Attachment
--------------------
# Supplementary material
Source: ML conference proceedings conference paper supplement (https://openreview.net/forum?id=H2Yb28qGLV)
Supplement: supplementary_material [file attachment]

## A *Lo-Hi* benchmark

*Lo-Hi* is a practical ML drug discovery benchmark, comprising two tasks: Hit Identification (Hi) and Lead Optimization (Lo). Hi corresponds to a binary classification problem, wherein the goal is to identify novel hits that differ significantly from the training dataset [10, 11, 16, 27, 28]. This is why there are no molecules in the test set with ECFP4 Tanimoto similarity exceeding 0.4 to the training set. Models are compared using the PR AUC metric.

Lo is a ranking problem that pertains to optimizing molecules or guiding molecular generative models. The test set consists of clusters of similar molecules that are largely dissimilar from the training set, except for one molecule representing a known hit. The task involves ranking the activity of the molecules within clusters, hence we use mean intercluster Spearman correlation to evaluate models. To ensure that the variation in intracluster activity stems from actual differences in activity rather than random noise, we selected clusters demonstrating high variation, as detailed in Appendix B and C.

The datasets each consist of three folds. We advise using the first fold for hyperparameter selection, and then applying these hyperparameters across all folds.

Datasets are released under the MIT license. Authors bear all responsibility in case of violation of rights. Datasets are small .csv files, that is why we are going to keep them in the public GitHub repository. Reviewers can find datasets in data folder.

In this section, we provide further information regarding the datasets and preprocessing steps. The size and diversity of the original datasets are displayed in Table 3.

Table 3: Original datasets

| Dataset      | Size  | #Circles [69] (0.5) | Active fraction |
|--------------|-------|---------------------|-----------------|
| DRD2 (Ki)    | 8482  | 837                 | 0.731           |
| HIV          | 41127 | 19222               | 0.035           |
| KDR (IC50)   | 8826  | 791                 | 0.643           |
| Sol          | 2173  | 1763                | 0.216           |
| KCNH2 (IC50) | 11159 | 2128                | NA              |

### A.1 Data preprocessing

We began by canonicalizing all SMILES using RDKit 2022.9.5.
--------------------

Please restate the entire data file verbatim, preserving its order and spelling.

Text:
# Supplementary material
Source: ML conference proceedings conference paper supplement (https://openreview.net/forum?id=H2Yb28qGLV)
Supplement: supplementary_material [file attachment]

## A *Lo-Hi* benchmark

*Lo-Hi* is a practical ML drug discovery benchmark, comprising two tasks: Hit Identification (Hi) and Lead Optimization (Lo). Hi corresponds to a binary classification problem, wherein the goal is to identify novel hits that differ significantly from the training dataset [10, 11, 16, 27, 28]. This is why there are no molecules in the test set with ECFP4 Tanimoto similarity exceeding 0.4 to the training set. Models are compared using the PR AUC metric.

Lo is a ranking problem that pertains to optimizing molecules or guiding molecular generative models. The test set consists of clusters of similar molecules that are largely dissimilar from the training set, except for one molecule representing a known hit. The task involves ranking the activity of the molecules within clusters, hence we use mean intercluster Spearman correlation to evaluate models. To ensure that the variation in intracluster activity stems from actual differences in activity rather than random noise, we selected clusters demonstrating high variation, as detailed in Appendix B and C.

The datasets each consist of three folds. We advise using the first fold for hyperparameter selection, and then applying these hyperparameters across all folds.

Datasets are released under the MIT license. Authors bear all responsibility in case of violation of rights. Datasets are small .csv files, that is why we are going to keep them in the public GitHub repository. Reviewers can find datasets in data folder.

In this section, we provide further information regarding the datasets and preprocessing steps. The size and diversity of the original datasets are displayed in Table 3.

Table 3: Original datasets

| Dataset      | Size  | #Circles [69] (0.5) | Active fraction |
|--------------|-------|---------------------|-----------------|
| DRD2 (Ki)    | 8482  | 837                 | 0.731           |
| HIV          | 41127 | 19222               | 0.035           |
| KDR (IC50)   | 8826  | 791                 | 0.643           |
| Sol          | 2173  | 1763                | 0.216           |
| KCNH2 (IC50) | 11159 | 2128                | NA              |

### A.1 Data preprocessing

We began by canonicalizing all SMILES using RDKit 2022.9.5.